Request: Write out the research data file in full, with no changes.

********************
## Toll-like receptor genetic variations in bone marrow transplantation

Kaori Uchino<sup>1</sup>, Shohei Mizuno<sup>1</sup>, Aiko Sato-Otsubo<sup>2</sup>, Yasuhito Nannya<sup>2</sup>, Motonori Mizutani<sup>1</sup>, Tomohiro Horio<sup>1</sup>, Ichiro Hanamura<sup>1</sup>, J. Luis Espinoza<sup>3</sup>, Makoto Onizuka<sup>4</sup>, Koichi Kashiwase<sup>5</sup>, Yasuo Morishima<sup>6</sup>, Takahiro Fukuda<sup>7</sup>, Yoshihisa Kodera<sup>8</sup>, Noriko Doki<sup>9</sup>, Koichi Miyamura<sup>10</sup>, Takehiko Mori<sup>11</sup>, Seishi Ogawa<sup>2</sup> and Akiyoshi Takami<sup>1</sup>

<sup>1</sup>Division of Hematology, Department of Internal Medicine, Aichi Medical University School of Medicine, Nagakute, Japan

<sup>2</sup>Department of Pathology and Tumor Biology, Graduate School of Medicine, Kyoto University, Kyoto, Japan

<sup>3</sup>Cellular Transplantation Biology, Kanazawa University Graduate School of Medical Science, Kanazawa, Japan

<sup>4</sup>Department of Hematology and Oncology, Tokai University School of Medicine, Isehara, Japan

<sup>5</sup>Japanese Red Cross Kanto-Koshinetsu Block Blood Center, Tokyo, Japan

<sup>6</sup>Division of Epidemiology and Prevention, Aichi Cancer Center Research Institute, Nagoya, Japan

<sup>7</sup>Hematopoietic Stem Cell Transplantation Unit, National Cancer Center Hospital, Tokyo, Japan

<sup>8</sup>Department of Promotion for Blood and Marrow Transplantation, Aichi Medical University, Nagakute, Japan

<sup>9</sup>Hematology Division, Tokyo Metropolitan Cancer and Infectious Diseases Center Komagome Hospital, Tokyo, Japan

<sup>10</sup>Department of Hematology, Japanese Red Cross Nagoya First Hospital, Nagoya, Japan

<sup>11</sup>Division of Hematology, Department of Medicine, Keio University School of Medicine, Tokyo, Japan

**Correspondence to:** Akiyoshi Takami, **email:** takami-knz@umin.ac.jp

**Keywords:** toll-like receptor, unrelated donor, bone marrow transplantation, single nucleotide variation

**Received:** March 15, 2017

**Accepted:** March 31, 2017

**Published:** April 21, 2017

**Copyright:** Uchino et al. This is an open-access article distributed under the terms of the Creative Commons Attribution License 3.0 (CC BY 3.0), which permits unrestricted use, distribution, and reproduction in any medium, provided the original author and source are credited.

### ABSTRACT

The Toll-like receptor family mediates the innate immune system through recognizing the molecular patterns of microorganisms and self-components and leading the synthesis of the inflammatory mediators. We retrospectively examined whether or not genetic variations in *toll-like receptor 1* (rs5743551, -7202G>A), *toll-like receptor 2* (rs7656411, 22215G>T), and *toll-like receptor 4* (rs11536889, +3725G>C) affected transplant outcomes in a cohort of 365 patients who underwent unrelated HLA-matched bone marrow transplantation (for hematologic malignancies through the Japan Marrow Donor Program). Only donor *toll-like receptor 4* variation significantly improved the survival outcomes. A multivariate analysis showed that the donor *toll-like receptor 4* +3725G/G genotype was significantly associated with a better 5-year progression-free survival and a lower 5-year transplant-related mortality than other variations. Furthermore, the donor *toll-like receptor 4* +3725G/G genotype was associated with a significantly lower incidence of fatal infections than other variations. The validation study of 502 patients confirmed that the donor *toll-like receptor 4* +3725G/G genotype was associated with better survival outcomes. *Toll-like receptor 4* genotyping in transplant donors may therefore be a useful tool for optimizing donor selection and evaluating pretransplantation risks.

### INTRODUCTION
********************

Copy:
## Toll-like receptor genetic variations in bone marrow transplantation

Kaori Uchino<sup>1</sup>, Shohei Mizuno<sup>1</sup>, Aiko Sato-Otsubo<sup>2</sup>, Yasuhito Nannya<sup>2</sup>, Motonori Mizutani<sup>1</sup>, Tomohiro Horio<sup>1</sup>, Ichiro Hanamura<sup>1</sup>, J. Luis Espinoza<sup>3</sup>, Makoto Onizuka<sup>4</sup>, Koichi Kashiwase<sup>5</sup>, Yasuo Morishima<sup>6</sup>, Takahiro Fukuda<sup>7</sup>, Yoshihisa Kodera<sup>8</sup>, Noriko Doki<sup>9</sup>, Koichi Miyamura<sup>10</sup>, Takehiko Mori<sup>11</sup>, Seishi Ogawa<sup>2</sup> and Akiyoshi Takami<sup>1</sup>

<sup>1</sup>Division of Hematology, Department of Internal Medicine, Aichi Medical University School of Medicine, Nagakute, Japan

<sup>2</sup>Department of Pathology and Tumor Biology, Graduate School of Medicine, Kyoto University, Kyoto, Japan

<sup>3</sup>Cellular Transplantation Biology, Kanazawa University Graduate School of Medical Science, Kanazawa, Japan

<sup>4</sup>Department of Hematology and Oncology, Tokai University School of Medicine, Isehara, Japan

<sup>5</sup>Japanese Red Cross Kanto-Koshinetsu Block Blood Center, Tokyo, Japan

<sup>6</sup>Division of Epidemiology and Prevention, Aichi Cancer Center Research Institute, Nagoya, Japan

<sup>7</sup>Hematopoietic Stem Cell Transplantation Unit, National Cancer Center Hospital, Tokyo, Japan

<sup>8</sup>Department of Promotion for Blood and Marrow Transplantation, Aichi Medical University, Nagakute, Japan

<sup>9</sup>Hematology Division, Tokyo Metropolitan Cancer and Infectious Diseases Center Komagome Hospital, Tokyo, Japan

<sup>10</sup>Department of Hematology, Japanese Red Cross Nagoya First Hospital, Nagoya, Japan

<sup>11</sup>Division of Hematology, Department of Medicine, Keio University School of Medicine, Tokyo, Japan

**Correspondence to:** Akiyoshi Takami, **email:** takami-knz@umin.ac.jp

**Keywords:** toll-like receptor, unrelated donor, bone marrow transplantation, single nucleotide variation

**Received:** March 15, 2017

**Accepted:** March 31, 2017

**Published:** April 21, 2017

**Copyright:** Uchino et al. This is an open-access article distributed under the terms of the Creative Commons Attribution License 3.0 (CC BY 3.0), which permits unrestricted use, distribution, and reproduction in any medium, provided the original author and source are credited.

### ABSTRACT

The Toll-like receptor family mediates the innate immune system through recognizing the molecular patterns of microorganisms and self-components and leading the synthesis of the inflammatory mediators. We retrospectively examined whether or not genetic variations in *toll-like receptor 1* (rs5743551, -7202G>A), *toll-like receptor 2* (rs7656411, 22215G>T), and *toll-like receptor 4* (rs11536889, +3725G>C) affected transplant outcomes in a cohort of 365 patients who underwent unrelated HLA-matched bone marrow transplantation (for hematologic malignancies through the Japan Marrow Donor Program). Only donor *toll-like receptor 4* variation significantly improved the survival outcomes. A multivariate analysis showed that the donor *toll-like receptor 4* +3725G/G genotype was significantly associated with a better 5-year progression-free survival and a lower 5-year transplant-related mortality than other variations. Furthermore, the donor *toll-like receptor 4* +3725G/G genotype was associated with a significantly lower incidence of fatal infections than other variations. The validation study of 502 patients confirmed that the donor *toll-like receptor 4* +3725G/G genotype was associated with better survival outcomes. *Toll-like receptor 4* genotyping in transplant donors may therefore be a useful tool for optimizing donor selection and evaluating pretransplantation risks.

### INTRODUCTION